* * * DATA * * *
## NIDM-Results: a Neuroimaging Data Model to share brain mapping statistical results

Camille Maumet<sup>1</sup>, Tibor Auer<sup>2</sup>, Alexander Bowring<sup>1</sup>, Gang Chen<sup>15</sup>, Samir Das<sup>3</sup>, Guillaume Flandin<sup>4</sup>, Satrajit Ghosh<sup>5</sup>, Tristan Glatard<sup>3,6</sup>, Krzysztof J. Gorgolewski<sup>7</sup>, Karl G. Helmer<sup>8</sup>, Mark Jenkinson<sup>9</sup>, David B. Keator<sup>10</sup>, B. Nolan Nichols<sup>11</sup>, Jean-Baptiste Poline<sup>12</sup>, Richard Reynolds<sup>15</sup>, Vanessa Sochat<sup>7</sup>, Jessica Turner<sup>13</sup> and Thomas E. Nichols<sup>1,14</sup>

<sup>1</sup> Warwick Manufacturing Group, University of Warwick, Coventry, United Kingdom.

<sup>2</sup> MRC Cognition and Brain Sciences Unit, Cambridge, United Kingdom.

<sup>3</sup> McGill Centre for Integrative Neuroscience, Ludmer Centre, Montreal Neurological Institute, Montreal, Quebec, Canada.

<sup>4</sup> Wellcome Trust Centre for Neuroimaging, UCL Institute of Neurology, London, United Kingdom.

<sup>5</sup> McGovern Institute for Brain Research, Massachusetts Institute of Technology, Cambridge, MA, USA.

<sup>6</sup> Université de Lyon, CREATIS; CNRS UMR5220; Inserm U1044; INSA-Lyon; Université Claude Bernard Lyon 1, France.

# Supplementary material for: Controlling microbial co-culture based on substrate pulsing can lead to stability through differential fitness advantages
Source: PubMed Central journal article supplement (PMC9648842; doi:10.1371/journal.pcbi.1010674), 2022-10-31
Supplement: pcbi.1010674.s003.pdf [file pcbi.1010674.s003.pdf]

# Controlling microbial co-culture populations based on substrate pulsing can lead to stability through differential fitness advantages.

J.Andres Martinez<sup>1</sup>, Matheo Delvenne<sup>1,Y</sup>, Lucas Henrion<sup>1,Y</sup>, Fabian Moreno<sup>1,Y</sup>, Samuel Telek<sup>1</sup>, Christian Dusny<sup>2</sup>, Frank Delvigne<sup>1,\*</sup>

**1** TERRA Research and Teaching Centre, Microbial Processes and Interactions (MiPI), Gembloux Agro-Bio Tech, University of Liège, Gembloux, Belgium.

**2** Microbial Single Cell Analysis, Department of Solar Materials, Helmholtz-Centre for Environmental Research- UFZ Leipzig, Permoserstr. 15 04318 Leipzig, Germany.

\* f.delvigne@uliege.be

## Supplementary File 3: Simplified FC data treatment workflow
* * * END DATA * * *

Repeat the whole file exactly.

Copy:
## NIDM-Results: a Neuroimaging Data Model to share brain mapping statistical results

Camille Maumet<sup>1</sup>, Tibor Auer<sup>2</sup>, Alexander Bowring<sup>1</sup>, Gang Chen<sup>15</sup>, Samir Das<sup>3</sup>, Guillaume Flandin<sup>4</sup>, Satrajit Ghosh<sup>5</sup>, Tristan Glatard<sup>3,6</sup>, Krzysztof J. Gorgolewski<sup>7</sup>, Karl G. Helmer<sup>8</sup>, Mark Jenkinson<sup>9</sup>, David B. Keator<sup>10</sup>, B. Nolan Nichols<sup>11</sup>, Jean-Baptiste Poline<sup>12</sup>, Richard Reynolds<sup>15</sup>, Vanessa Sochat<sup>7</sup>, Jessica Turner<sup>13</sup> and Thomas E. Nichols<sup>1,14</sup>

<sup>1</sup> Warwick Manufacturing Group, University of Warwick, Coventry, United Kingdom.

<sup>2</sup> MRC Cognition and Brain Sciences Unit, Cambridge, United Kingdom.

<sup>3</sup> McGill Centre for Integrative Neuroscience, Ludmer Centre, Montreal Neurological Institute, Montreal, Quebec, Canada.

<sup>4</sup> Wellcome Trust Centre for Neuroimaging, UCL Institute of Neurology, London, United Kingdom.

<sup>5</sup> McGovern Institute for Brain Research, Massachusetts Institute of Technology, Cambridge, MA, USA.

<sup>6</sup> Université de Lyon, CREATIS; CNRS UMR5220; Inserm U1044; INSA-Lyon; Université Claude Bernard Lyon 1, France.

# Supplementary material for: Controlling microbial co-culture based on substrate pulsing can lead to stability through differential fitness advantages
Source: PubMed Central journal article supplement (PMC9648842; doi:10.1371/journal.pcbi.1010674), 2022-10-31
Supplement: pcbi.1010674.s003.pdf [file pcbi.1010674.s003.pdf]

# Controlling microbial co-culture populations based on substrate pulsing can lead to stability through differential fitness advantages.

J.Andres Martinez<sup>1</sup>, Matheo Delvenne<sup>1,Y</sup>, Lucas Henrion<sup>1,Y</sup>, Fabian Moreno<sup>1,Y</sup>, Samuel Telek<sup>1</sup>, Christian Dusny<sup>2</sup>, Frank Delvigne<sup>1,\*</sup>

**1** TERRA Research and Teaching Centre, Microbial Processes and Interactions (MiPI), Gembloux Agro-Bio Tech, University of Liège, Gembloux, Belgium.

**2** Microbial Single Cell Analysis, Department of Solar Materials, Helmholtz-Centre for Environmental Research- UFZ Leipzig, Permoserstr. 15 04318 Leipzig, Germany.

\* f.delvigne@uliege.be

## Supplementary File 3: Simplified FC data treatment workflow